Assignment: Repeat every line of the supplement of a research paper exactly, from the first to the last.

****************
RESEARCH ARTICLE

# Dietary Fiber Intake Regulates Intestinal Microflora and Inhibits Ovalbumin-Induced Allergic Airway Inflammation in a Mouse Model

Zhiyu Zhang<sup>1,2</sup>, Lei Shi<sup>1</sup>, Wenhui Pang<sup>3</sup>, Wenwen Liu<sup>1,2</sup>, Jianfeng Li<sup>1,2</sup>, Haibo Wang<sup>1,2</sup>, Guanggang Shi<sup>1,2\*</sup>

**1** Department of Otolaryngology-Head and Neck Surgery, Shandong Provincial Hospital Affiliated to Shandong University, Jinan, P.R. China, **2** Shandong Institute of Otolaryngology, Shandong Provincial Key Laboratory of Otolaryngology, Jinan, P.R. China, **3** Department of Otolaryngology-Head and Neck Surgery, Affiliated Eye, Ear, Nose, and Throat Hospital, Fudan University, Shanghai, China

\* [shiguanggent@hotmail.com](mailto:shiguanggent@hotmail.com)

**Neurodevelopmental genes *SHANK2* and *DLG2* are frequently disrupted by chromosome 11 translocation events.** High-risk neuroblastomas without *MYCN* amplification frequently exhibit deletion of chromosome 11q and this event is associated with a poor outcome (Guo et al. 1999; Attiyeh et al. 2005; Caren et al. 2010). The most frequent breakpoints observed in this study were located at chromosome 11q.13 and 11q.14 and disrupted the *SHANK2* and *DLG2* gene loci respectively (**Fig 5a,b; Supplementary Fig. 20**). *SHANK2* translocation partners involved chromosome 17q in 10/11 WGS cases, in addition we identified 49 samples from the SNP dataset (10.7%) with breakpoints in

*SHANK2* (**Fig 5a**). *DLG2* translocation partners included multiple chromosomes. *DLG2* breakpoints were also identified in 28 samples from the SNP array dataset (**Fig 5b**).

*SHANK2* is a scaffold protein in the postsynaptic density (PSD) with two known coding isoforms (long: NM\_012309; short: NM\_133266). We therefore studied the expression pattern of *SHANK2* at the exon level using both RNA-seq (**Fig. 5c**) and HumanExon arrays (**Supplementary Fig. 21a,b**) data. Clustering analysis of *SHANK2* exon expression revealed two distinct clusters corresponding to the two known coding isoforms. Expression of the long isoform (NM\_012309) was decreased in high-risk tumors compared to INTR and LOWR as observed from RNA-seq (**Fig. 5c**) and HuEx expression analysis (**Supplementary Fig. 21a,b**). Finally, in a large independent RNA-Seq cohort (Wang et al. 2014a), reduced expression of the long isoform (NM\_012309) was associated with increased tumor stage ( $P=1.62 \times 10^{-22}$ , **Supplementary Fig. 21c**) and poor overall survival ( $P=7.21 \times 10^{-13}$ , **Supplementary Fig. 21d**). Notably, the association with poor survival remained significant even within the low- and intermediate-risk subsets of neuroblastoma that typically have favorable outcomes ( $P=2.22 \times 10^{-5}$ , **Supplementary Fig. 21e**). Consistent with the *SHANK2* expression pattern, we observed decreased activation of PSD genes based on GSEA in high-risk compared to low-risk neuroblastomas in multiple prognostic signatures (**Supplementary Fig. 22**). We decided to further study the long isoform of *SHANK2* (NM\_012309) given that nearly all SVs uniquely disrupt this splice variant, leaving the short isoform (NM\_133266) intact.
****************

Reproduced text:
RESEARCH ARTICLE

# Dietary Fiber Intake Regulates Intestinal Microflora and Inhibits Ovalbumin-Induced Allergic Airway Inflammation in a Mouse Model

Zhiyu Zhang<sup>1,2</sup>, Lei Shi<sup>1</sup>, Wenhui Pang<sup>3</sup>, Wenwen Liu<sup>1,2</sup>, Jianfeng Li<sup>1,2</sup>, Haibo Wang<sup>1,2</sup>, Guanggang Shi<sup>1,2\*</sup>

**1** Department of Otolaryngology-Head and Neck Surgery, Shandong Provincial Hospital Affiliated to Shandong University, Jinan, P.R. China, **2** Shandong Institute of Otolaryngology, Shandong Provincial Key Laboratory of Otolaryngology, Jinan, P.R. China, **3** Department of Otolaryngology-Head and Neck Surgery, Affiliated Eye, Ear, Nose, and Throat Hospital, Fudan University, Shanghai, China

\* [shiguanggent@hotmail.com](mailto:shiguanggent@hotmail.com)

**Neurodevelopmental genes *SHANK2* and *DLG2* are frequently disrupted by chromosome 11 translocation events.** High-risk neuroblastomas without *MYCN* amplification frequently exhibit deletion of chromosome 11q and this event is associated with a poor outcome (Guo et al. 1999; Attiyeh et al. 2005; Caren et al. 2010). The most frequent breakpoints observed in this study were located at chromosome 11q.13 and 11q.14 and disrupted the *SHANK2* and *DLG2* gene loci respectively (**Fig 5a,b; Supplementary Fig. 20**). *SHANK2* translocation partners involved chromosome 17q in 10/11 WGS cases, in addition we identified 49 samples from the SNP dataset (10.7%) with breakpoints in

*SHANK2* (**Fig 5a**). *DLG2* translocation partners included multiple chromosomes. *DLG2* breakpoints were also identified in 28 samples from the SNP array dataset (**Fig 5b**).

*SHANK2* is a scaffold protein in the postsynaptic density (PSD) with two known coding isoforms (long: NM\_012309; short: NM\_133266). We therefore studied the expression pattern of *SHANK2* at the exon level using both RNA-seq (**Fig. 5c**) and HumanExon arrays (**Supplementary Fig. 21a,b**) data. Clustering analysis of *SHANK2* exon expression revealed two distinct clusters corresponding to the two known coding isoforms. Expression of the long isoform (NM\_012309) was decreased in high-risk tumors compared to INTR and LOWR as observed from RNA-seq (**Fig. 5c**) and HuEx expression analysis (**Supplementary Fig. 21a,b**). Finally, in a large independent RNA-Seq cohort (Wang et al. 2014a), reduced expression of the long isoform (NM\_012309) was associated with increased tumor stage ( $P=1.62 \times 10^{-22}$ , **Supplementary Fig. 21c**) and poor overall survival ( $P=7.21 \times 10^{-13}$ , **Supplementary Fig. 21d**). Notably, the association with poor survival remained significant even within the low- and intermediate-risk subsets of neuroblastoma that typically have favorable outcomes ( $P=2.22 \times 10^{-5}$ , **Supplementary Fig. 21e**). Consistent with the *SHANK2* expression pattern, we observed decreased activation of PSD genes based on GSEA in high-risk compared to low-risk neuroblastomas in multiple prognostic signatures (**Supplementary Fig. 22**). We decided to further study the long isoform of *SHANK2* (NM\_012309) given that nearly all SVs uniquely disrupt this splice variant, leaving the short isoform (NM\_133266) intact.